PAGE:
Using our newfound time

As I sat down to write this column, I wondered to myself if all my electronic gadgets were dumbing me down or making me smarter.
The more I have read, the more confused I’ve become.
I remember Mrs. Benson, my Grade 1 teacher, having special books for us to practice our printing. We would be judged on our up and down letters, and how far a “g” dipped and curled under the line.
We strived for perfection.
She also drilled us on our addition and subtraction of simple numbers—and even to two-digit numbers.
Today, I don’t know how much time is spent on printing—judging from some of the letters to Santa that passed through our hands this Christmas. But I do know that most children, by the time they reach age six or seven, know how to use a keyboard and many already have a smartphone.
With built-in calculators and word recognition, many of those mundane tasks we mastered in early grades now can be performed by those small computers. And the youth of today, when texting, are using short forms and letter and word sounds to talk.
Every family that I knew on my block either had a set of Britannica or Compton’s Encyclopedias that had an annual update with new information. Today, the library is the web browser on a tablet, cellphone, or home computer.
“Wikipedia” is now the encyclopedia of choice. Instead of having to read many parts of several books to write an essay, today it is as simple as cutting and pasting.
This begs the question—are we really learning about a subject that we are writing, or are we repeating information that already is created?
The speed of the Internet can place hundreds of articles before us, but are we distracted by the beeps for e-mail, Facebook postings, Tweets, and pop-up ads that circle around the web page.
A study has found that we are distracted every three seconds by something that is happening on our computers. Before we had longer attention spans with fewer interruptions.
Do all those interruptions intervene on our ability to absorb information?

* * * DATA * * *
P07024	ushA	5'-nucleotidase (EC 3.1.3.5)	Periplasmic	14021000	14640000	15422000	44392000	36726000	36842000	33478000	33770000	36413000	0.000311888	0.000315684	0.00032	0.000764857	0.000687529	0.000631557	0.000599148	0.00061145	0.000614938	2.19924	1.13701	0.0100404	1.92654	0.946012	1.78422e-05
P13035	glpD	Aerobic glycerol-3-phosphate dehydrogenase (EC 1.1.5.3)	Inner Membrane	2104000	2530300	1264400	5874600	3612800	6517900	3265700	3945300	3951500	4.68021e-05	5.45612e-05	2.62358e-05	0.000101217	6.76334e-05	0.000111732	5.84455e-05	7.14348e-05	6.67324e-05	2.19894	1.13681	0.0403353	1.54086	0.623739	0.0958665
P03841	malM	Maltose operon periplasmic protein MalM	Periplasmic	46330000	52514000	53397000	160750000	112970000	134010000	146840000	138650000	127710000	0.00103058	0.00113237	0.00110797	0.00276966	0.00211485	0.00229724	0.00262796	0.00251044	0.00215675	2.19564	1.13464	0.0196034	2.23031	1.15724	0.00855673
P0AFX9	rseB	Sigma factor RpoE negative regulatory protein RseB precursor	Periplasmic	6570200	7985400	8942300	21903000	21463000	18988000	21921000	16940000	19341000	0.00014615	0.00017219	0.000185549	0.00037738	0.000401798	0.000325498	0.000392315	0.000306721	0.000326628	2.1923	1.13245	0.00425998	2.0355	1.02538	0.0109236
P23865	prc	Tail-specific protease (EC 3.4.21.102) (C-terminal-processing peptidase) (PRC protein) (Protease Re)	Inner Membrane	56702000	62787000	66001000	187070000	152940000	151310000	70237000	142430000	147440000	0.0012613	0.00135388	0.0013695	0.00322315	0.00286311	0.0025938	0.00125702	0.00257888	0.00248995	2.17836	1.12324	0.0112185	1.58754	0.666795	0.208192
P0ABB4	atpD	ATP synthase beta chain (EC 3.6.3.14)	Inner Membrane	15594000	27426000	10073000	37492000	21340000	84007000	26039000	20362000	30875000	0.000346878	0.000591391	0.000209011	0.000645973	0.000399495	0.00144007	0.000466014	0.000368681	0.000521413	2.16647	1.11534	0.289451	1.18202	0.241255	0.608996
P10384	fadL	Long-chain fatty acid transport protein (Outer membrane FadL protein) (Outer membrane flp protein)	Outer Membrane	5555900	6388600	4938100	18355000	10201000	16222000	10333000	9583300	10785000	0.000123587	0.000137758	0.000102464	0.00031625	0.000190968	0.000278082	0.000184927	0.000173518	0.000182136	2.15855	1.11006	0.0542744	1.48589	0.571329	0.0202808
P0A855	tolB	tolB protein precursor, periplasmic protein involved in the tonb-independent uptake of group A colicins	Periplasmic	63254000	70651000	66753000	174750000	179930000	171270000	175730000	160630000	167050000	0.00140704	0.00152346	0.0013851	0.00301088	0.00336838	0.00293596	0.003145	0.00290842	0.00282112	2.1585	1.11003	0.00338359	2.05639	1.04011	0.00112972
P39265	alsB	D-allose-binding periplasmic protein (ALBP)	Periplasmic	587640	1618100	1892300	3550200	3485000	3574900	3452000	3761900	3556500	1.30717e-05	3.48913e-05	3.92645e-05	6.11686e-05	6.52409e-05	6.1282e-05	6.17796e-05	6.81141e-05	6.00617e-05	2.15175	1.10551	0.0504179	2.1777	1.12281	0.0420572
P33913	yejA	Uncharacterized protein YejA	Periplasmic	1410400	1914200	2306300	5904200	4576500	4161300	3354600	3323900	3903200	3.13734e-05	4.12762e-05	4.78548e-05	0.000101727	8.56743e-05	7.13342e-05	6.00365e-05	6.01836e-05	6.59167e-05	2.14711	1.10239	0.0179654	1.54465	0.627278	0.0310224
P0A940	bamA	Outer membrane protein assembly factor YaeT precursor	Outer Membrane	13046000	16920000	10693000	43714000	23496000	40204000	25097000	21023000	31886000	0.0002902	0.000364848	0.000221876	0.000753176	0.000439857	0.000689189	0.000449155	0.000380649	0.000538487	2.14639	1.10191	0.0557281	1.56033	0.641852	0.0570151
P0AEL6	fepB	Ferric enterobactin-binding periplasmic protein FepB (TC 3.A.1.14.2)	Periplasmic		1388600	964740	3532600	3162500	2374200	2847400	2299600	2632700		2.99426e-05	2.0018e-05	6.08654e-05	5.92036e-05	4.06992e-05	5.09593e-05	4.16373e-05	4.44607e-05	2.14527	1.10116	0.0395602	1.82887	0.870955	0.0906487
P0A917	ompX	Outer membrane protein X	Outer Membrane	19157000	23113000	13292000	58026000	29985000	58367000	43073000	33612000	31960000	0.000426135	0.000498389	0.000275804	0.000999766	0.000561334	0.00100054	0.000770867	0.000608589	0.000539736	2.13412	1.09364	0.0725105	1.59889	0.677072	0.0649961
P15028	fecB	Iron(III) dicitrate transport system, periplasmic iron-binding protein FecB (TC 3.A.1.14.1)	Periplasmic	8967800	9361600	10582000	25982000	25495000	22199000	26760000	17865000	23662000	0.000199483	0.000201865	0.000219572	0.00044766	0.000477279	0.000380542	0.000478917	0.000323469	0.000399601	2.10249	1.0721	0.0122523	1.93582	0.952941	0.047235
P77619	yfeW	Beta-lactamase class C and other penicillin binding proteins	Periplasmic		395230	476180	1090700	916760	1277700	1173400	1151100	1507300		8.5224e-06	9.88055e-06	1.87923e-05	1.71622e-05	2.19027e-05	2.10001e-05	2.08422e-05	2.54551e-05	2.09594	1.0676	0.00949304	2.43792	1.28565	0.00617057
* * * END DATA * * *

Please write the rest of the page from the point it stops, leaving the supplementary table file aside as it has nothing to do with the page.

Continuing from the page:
I’ve found that it often is easier to print out the documents I’m wanting to read instead of having them in front of me on the screen. I easily can be distracted by the e-mail popping up or a new posting of news.
But when I turn the screen off and focus on the hard copy, I can absorb the information better and take the time to understand and form my own conclusions.
Someone asked in a study, “Do I really have to know and retain this information when it can be quickly retrieved from the Internet?”
Is it better to know how to look for the information and then be able to retrieve it, or is it better to know and understand the information and be able to apply to other problems?
In the future, computers will take over many of the tasks we now perform.
Computers will drive cars and trucks while we sit back and enjoy the ride and read a book or watch a show.
Our kitchen appliances will turn into electronic marvels that will prepare a meal from a simple verbal command. Others will pick up, wash, and put away clothes. They’ll operate the lawn mowers and weed the lawns.
They are tasks future generations will wonder why we did them?
The question is, what will we do with our newfound time?

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